What if it happened here? Bracing for a Minnesota wildfire
Published 5:11 pm Friday, November 23, 2018
By Cathy Wurzer and Cody Nelson, Minnesota Public Radio News
As the deadly and destructive wildfires in California begin waning, northern Minnesotans might have a logical question: What if it happened here?
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While Minnesota wildfires haven’t matched the extremity of the blazes Californians now see on a regular basis, parts of the state are vulnerable.
Big blazes have hit Minnesota before, too.
Seven years ago, more than 92,000 acres of northern Minnesota burned in what’s now know as the Pagami Creek fire. Most of the damage happened in a single day.
In 2012, the Highway 1 fire forced evacuations in parts of Ely.
BJ Kohlstedt, emergency management director for Minnesota’s Lake County, gave some advice for how to prepare for wildfires.
You can’t prevent wildfires — they’re part of the natural forest cycle. But you can mitigate them, Kohlstedt said.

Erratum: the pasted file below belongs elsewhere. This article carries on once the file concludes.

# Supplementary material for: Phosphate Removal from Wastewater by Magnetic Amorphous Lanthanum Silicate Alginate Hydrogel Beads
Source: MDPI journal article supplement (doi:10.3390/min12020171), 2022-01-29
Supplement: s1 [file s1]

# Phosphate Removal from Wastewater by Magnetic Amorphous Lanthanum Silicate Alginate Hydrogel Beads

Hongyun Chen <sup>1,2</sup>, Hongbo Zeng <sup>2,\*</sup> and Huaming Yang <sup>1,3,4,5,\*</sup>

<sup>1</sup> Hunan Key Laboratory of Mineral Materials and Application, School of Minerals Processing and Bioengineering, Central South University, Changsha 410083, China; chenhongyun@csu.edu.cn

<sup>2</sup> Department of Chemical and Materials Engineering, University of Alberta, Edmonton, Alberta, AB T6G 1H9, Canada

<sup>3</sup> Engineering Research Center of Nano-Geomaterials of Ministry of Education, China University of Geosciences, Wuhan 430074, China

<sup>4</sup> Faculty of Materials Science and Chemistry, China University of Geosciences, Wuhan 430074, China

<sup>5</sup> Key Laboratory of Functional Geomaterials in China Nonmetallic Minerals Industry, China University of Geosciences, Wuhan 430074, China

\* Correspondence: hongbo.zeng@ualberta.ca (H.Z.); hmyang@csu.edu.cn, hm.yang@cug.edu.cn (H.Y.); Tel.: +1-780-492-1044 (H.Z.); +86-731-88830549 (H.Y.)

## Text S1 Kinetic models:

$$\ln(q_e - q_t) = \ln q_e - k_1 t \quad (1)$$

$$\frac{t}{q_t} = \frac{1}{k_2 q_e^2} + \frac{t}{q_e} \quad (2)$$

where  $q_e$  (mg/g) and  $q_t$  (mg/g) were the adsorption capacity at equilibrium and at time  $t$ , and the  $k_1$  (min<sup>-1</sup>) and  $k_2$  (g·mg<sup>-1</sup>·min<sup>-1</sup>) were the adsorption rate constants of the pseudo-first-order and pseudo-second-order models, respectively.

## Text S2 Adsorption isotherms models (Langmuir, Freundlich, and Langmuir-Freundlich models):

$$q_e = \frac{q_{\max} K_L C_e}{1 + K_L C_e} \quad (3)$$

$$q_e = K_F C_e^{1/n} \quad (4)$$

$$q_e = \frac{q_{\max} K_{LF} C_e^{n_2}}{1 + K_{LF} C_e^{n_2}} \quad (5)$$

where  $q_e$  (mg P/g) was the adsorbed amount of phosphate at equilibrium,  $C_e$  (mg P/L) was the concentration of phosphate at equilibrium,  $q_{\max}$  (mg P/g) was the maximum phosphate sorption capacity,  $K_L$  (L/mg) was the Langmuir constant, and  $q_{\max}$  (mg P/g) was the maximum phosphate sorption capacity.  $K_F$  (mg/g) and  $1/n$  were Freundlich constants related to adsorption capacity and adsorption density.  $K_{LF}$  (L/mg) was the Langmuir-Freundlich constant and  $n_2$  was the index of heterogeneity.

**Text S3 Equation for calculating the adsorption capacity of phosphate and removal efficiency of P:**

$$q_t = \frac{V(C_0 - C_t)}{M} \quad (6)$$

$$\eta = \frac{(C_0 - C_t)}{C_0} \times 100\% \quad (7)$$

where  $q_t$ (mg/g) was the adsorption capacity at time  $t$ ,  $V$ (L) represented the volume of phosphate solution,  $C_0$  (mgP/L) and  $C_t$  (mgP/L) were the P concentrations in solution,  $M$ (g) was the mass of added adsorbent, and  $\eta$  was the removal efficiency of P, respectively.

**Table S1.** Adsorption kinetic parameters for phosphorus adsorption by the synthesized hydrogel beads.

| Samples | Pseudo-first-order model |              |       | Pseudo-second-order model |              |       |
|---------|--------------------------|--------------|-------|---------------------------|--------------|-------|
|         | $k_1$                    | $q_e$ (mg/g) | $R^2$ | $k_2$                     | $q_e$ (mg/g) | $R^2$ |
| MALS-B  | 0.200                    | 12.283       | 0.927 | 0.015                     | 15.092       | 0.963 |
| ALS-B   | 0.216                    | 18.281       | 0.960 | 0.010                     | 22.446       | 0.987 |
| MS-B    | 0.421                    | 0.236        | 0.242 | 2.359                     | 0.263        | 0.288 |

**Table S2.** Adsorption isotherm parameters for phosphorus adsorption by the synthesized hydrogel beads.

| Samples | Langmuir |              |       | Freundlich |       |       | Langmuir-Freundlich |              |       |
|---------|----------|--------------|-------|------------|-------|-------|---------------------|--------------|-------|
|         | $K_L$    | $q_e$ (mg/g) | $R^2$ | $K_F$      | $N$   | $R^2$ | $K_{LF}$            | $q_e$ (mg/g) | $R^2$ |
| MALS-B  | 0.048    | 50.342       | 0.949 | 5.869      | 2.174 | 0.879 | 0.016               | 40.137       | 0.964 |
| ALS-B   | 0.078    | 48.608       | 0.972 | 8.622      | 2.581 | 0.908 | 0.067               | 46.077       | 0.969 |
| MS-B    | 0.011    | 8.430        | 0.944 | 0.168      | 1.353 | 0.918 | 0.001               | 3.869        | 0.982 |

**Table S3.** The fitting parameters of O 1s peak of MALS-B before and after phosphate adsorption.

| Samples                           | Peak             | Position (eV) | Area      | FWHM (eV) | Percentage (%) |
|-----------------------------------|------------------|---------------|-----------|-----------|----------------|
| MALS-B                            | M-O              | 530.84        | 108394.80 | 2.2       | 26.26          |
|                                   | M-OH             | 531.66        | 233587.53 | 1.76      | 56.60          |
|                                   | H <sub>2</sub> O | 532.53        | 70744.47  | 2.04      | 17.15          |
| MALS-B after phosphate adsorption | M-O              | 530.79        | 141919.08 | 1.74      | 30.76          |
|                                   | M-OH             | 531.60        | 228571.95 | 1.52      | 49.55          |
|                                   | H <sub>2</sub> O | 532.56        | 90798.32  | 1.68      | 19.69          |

“Preparedness begins at home,” she said. “There’s a lot that each of us can do to prevent structure damage and loss of property and injury and death from wildfires.”
Here are a few best practices for wildfire safety:
• Clear especially flammable trees — such as balsam fir — 30 feet from your home.
• Move your woodpile away from your house.
• If you have a wooden deck fewer than 3 feet off the ground, fence it off with quarter-inch hardware cloth, Kohlstedt said, “so that embers and dry leaves can’t blow into there.” Fence off attic vents to keep debris out, too.
• Sign up for an emergency notification system. Lake County uses CodeRed — the same system used in Paradise, Calif. There were issues with evacuation orders in Paradise, but it’s important to note: Notification services often require users to opt-in and provide their contact information. Be sure to look up specific services for your county.
• In case disaster hits, have an evacuation plan. Kohlsted said Lake County officials have worked with homeowner association to create custom evacuation plans via water or ATV exits if a road is blocked by fire. The more remote your location, the more you’ll have to custom-tailor a plan.